"Dude, this is how we create spaces that are welcoming to students who aren't white," Catlett-Ausborn remembered explaining to a colleague.
August's announcement from Noem, she said, represented the final straw.
"At the end of the day, it became that moral issue," said Catlett-Ausborn. "There was no longer the university walking the talk."
Fights over diversity efforts have become commonplace at South Dakota's colleges. In April, Northern State University President Timothy Downs resigned just weeks after an executive board reversed a decision , which had drawn criticism as hyper political correctness, to end the homecoming name, Gypsy Days.
Earlier this week, the Rapid City Journal reported that South Dakota School of Mines and Technology had to pay a $5,000 fine to its athletic conference over racist remarks lobbed by three students at football players from the visiting Colorado Mesa University at a game in November.
These public incidents come at the same time lawmakers are increasingly emboldened to call out what they see as liberal bias on campus.
In a recent editorial , Rep. Trish Ladner, a Fall River County Republican, objected to a USD faculty member teaching an introductory film appreciation class requiring students watch "13th," a documentary about racism in prisons.
Such scrutiny puts campuses in a tough spot, say university officials: recruit new students and create attractive campuses while avoiding the typical diversity rhetoric that will undoubtedly trigger political pressure from Pierre.
At Monday's Rotary Club talk, Rave said only that "some legislators" lacked "full appreciation" of what a diversity center "was, is, will be" and framed the name change as an attempt to ameliorate hostile legislation down the road.
He also credited the name's coining to fellow Regent and former Republican lawmaker, Jeff Partridge.
On Tuesday, Partridge declined an interview request with FNS, instead sending a statement saying it was his final day as a Regent -- for now -- as he would be temporarily stepping into a role as commissioner of Bureau of Finance & Management.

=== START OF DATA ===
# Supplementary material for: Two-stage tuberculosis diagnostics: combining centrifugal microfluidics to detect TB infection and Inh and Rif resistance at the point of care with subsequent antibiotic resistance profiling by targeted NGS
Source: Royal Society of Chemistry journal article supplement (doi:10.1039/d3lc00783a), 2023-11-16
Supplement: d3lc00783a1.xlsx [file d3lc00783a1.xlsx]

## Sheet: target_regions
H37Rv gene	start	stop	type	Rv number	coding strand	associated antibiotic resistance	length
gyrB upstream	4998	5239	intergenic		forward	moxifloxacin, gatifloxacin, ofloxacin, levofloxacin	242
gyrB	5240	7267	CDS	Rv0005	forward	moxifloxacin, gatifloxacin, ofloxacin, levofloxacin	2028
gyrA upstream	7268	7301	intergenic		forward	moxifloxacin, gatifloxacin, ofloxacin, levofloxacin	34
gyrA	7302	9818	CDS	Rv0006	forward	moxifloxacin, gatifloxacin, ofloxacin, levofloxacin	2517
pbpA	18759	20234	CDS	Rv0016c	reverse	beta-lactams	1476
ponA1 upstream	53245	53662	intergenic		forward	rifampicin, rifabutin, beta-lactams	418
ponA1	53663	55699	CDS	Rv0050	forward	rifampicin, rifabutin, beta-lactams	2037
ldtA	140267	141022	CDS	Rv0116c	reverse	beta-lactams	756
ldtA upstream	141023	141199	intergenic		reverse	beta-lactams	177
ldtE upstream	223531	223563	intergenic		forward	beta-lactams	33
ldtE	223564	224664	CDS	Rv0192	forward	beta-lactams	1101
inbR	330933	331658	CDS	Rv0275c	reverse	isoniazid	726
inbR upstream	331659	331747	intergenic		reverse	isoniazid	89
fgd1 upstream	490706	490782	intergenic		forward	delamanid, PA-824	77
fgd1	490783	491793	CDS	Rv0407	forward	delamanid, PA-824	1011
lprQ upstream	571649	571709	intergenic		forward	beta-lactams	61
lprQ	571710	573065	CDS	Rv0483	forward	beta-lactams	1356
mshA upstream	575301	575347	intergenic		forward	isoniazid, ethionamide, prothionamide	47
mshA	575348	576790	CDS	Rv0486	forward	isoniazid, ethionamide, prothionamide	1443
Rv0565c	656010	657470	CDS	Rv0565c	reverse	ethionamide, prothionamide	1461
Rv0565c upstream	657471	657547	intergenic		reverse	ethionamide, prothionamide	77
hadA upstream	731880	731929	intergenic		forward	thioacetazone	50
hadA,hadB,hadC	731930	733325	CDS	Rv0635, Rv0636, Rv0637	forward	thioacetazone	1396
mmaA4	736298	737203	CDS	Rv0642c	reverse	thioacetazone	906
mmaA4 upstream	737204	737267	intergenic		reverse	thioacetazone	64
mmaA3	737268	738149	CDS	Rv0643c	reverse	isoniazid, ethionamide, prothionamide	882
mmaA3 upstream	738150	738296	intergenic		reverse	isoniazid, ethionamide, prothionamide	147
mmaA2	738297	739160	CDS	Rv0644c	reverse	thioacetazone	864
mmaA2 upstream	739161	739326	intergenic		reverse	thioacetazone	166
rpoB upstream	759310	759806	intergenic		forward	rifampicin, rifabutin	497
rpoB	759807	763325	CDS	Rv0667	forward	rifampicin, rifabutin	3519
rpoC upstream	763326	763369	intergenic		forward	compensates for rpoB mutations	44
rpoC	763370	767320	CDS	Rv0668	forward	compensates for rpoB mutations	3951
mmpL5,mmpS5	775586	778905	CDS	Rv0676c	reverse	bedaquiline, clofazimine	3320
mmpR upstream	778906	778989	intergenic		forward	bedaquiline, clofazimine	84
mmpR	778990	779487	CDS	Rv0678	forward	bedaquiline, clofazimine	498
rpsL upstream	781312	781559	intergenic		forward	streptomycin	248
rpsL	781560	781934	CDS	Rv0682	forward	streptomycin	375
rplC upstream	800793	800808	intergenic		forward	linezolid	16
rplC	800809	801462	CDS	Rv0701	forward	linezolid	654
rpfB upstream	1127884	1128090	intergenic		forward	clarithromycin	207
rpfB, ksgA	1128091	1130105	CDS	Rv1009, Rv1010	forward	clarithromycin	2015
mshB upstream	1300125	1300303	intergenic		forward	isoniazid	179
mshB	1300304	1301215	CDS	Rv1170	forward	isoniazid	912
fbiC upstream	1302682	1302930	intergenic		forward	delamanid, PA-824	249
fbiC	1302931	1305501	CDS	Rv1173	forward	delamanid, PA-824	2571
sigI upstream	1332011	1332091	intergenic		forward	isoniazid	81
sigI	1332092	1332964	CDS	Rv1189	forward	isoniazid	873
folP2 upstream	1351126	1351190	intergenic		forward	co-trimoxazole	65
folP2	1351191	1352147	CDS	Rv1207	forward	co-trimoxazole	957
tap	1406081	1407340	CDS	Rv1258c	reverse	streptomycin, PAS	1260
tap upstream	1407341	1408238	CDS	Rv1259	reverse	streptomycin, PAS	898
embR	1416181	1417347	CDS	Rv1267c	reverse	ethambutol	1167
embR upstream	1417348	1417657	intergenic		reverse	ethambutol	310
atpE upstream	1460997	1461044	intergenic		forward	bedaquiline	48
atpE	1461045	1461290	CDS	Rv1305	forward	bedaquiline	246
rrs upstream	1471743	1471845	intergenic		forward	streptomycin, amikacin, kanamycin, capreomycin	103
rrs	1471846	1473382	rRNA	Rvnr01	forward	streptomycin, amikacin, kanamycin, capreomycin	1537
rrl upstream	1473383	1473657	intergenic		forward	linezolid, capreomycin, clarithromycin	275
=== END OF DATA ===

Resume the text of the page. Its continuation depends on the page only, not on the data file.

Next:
"Some may criticize this policy because their individual group may not get enough attention or preference," said Partridge, who said he stood by the Regents' move.
Diversity as retention, employment strategy
The top appeal of an "opportunity center," say supporters, is bringing together various offices - those serving veteran and disabled students, to LGBTQ, Latinx to Native American and Black students -- all under one roof.
From institutional data, however, it's clear that race or tribal identity, more than other categories, can reflect which students are retained at regental schools.
At SDSU, whose 2020 incoming class of freshman was 90% white, veterans remained in school between their freshman and sophomore years at a rate of 59% to 90% between 2012 and 2017, according to the BOR . During that same time frame, however, the retention rate for Native students ranged from 25% to 68% .
With recent U.S. Census data documenting that the growth in the state's population has been fastest among recent immigrants, racial minorities, and Native populations , former diversity director King wondered if the state was fully ready to attract (and keep) the students it needed to fill future jobs.
"Who's going to take care of your seniors? Who will populate your workforce?" asked King. "South Dakota could be a welcoming place. But I don't think the state gets that yet."